Favourable factors for local ductility

Steel is a ductile material, if a correct steel grade is selected: a material elongation over 20% and a material ductility ratio e rnaj/ey over 10 can provide highly ductile dissipative zones. If the designer makes good choices in the design, the plastic mechanism developed in a structural component, such as a beam or a diagonal bar in a truss, can be fairly ductile and dissipative.

Reliable energy dissipation at the element scale can be found in:

(1) Bars yielding in tension. This possibility directly relies on the use of an adequate material, in a design avoiding stress concentrations or excessive section reduction (see Section 6.7), in which only tension develops. For these reasons, high-strength bolts in tension should not be used as dissipative components, because they are not made of a very ductile material and may be subjected to effects other than pure tension, such as being bent when a connection deforms. The cyclic plastic strains involved can result in early low cycle fatigue failure.

(2) Bars yielding in compression, if early buckling is prevented. Yielding in compression inevitably ends in buckling. However, stocky elements with A < 0.2 can keep their strength and develop some plasticity in compression. Recently, designs in which the compressed bar is inserted in a tube only intended to provide lateral support against buckling have been tested and used successfully.71

(3) Plates yielding in bending.

(4) Profiles yielding in bending, if flange buckling takes place at sufficiently large enough deformation (see Table 6.3 of EN 1998-1). Buckling of flanges cannot be prevented totally, but is delayed when the slenderness ratio c/t of walls of sections is small Eurocode 8 uses Classes 1, 2, and 3 of sections of Eurocode 3 to characterize the ability of sections to develop a 'plastic hinge', meaning their ability to provide a stable full plastic moment resistance when cyclic plastic rotations are applied. The required ability is linked to the demand for plastic rotation. For instance, sections belonging to Class 1 are able to undergo cyclic plastic rotations over 35 mrad without losing significant strength.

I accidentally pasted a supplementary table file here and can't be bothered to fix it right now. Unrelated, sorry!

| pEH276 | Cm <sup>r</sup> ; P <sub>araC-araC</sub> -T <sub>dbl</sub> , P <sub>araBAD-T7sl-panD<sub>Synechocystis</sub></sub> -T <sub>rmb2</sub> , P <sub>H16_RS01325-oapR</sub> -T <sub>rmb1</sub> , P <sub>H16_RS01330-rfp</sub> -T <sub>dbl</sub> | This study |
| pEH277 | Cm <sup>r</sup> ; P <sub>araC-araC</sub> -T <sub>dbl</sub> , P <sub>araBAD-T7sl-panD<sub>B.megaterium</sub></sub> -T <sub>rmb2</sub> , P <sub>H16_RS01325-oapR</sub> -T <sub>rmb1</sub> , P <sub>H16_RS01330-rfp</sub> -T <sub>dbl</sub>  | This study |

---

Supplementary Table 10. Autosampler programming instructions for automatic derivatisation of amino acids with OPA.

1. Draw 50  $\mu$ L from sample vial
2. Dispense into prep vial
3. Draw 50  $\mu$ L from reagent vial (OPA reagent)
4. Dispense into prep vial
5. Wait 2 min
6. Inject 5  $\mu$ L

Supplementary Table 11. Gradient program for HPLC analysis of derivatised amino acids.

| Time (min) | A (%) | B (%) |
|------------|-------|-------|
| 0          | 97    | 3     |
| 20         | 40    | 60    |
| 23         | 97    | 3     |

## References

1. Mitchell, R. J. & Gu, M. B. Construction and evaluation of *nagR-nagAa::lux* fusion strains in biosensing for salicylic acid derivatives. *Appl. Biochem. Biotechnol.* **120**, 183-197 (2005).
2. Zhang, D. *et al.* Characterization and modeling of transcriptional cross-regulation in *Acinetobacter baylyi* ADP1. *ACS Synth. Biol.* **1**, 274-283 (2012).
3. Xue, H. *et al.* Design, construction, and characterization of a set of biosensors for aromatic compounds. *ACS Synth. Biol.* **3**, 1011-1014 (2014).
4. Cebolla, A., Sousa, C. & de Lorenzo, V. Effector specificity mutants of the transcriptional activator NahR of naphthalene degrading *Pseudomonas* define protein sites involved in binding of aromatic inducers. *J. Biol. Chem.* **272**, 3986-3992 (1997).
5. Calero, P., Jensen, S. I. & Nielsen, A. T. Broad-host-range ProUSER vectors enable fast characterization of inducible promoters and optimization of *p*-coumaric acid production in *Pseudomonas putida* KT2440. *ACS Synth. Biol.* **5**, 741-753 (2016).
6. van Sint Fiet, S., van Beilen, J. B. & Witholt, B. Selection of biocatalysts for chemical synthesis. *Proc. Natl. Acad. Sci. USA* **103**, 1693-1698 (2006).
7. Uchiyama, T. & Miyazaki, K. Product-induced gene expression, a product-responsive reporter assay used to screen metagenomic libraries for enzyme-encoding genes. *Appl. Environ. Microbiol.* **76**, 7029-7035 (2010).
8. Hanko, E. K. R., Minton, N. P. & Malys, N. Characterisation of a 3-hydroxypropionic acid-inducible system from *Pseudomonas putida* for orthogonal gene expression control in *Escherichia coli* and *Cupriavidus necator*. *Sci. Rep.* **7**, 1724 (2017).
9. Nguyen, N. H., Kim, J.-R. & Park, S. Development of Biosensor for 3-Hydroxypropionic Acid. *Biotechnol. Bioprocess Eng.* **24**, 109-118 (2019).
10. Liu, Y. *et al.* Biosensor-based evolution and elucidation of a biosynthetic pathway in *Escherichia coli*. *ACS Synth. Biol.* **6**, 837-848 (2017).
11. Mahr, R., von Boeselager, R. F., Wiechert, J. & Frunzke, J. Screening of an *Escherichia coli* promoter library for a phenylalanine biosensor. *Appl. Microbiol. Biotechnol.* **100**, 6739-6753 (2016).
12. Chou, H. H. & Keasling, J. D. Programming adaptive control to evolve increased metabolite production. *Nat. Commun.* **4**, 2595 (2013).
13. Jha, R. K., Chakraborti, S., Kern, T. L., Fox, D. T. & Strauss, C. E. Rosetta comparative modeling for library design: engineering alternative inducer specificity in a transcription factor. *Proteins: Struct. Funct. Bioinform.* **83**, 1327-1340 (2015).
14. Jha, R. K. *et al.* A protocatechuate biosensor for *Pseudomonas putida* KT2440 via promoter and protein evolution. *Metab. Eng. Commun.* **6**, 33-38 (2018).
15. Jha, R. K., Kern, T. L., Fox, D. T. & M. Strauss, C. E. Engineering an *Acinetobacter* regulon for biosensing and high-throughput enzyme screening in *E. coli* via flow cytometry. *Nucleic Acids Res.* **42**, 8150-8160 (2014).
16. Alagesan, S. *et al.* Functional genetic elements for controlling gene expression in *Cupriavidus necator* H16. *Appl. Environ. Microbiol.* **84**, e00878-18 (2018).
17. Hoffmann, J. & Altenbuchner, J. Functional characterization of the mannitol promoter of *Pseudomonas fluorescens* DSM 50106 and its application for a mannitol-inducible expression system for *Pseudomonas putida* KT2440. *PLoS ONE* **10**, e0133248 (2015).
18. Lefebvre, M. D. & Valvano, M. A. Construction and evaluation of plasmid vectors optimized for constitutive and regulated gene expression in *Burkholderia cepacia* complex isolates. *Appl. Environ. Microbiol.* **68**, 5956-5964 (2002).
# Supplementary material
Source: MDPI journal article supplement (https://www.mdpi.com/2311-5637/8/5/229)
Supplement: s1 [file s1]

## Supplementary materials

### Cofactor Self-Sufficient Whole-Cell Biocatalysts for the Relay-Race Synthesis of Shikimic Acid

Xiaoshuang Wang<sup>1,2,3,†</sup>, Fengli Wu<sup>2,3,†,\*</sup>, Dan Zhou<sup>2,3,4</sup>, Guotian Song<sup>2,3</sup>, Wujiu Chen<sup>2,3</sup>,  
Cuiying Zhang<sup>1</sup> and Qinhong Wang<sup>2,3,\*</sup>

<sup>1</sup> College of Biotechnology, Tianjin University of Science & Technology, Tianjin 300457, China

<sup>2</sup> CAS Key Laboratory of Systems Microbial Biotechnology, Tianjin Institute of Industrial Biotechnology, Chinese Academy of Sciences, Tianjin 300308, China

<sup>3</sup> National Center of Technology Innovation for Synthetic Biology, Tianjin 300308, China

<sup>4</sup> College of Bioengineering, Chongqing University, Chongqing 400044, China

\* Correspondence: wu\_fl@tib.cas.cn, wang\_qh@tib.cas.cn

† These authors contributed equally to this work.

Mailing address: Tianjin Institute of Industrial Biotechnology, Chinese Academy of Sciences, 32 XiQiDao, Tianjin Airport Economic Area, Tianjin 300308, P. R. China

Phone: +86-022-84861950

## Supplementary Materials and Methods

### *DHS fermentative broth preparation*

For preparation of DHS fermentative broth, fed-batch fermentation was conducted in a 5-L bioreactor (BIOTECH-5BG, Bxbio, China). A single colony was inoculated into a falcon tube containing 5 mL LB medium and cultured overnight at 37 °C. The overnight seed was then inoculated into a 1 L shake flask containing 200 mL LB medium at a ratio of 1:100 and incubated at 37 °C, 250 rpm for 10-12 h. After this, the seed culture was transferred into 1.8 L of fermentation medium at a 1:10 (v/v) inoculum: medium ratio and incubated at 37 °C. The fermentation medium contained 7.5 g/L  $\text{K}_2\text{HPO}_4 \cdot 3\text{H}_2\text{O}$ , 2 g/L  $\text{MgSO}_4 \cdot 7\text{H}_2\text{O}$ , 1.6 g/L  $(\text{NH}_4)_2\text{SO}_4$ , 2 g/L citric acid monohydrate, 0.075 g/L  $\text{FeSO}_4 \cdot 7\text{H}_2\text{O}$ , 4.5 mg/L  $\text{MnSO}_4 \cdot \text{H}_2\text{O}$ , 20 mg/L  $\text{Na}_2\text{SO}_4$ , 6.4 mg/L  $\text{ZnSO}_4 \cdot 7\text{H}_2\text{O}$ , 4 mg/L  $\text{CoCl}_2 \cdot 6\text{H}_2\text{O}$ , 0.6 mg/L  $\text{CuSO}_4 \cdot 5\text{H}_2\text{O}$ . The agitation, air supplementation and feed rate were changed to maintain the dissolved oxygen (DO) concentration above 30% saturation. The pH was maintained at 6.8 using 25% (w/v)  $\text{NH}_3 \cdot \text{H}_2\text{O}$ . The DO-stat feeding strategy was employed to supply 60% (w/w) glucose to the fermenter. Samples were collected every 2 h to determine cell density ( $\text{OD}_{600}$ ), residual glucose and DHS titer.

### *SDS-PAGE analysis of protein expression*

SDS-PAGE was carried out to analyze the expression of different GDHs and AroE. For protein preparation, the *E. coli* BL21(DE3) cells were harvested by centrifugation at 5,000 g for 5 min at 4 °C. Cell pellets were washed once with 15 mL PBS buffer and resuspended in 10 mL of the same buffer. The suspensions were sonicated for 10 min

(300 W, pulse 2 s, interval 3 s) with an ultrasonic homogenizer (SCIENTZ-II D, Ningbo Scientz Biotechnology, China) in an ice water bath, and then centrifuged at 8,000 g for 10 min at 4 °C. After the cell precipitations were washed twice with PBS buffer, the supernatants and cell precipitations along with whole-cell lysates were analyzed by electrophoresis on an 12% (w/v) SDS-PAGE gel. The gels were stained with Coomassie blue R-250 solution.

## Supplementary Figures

(5) Plate yielding in shear. Yielding in shear is a ductile and stable mechanism. The plastic strength in shear is related to the slenderness of the plate; its reduction with slenderness has to be considered.

Some ductile local phenomena can also contribute to the ductility of connections:

(1) Ovalization of bolt holes takes place in plates of connections which are made of a ductile constructional steel, in contrast to the failure of bolts in shear or of welds. Even in a connection which is capacity ('overstrength') designed to the assembled bars, which in principle need not fulfil any further design condition, the designer can obtain more assurance of ductile behaviour by designing one or both assembled plates so that their bearing resistance is less than the bolt shear resistance. This possibility is recommended for the following reason: even if the bolted connection has been designed to be 'non-slip', experiments have shown that there is always a relative movement between two assembled plates, once the connected elements are subjected to plastic cycles. In practice, this means that after few cycles the bearing resistance becomes the true mode of resistance of the bolted connection. This justifies the requirement to check the bearing resistance and to have it as 'weak link' in the chain of resistances.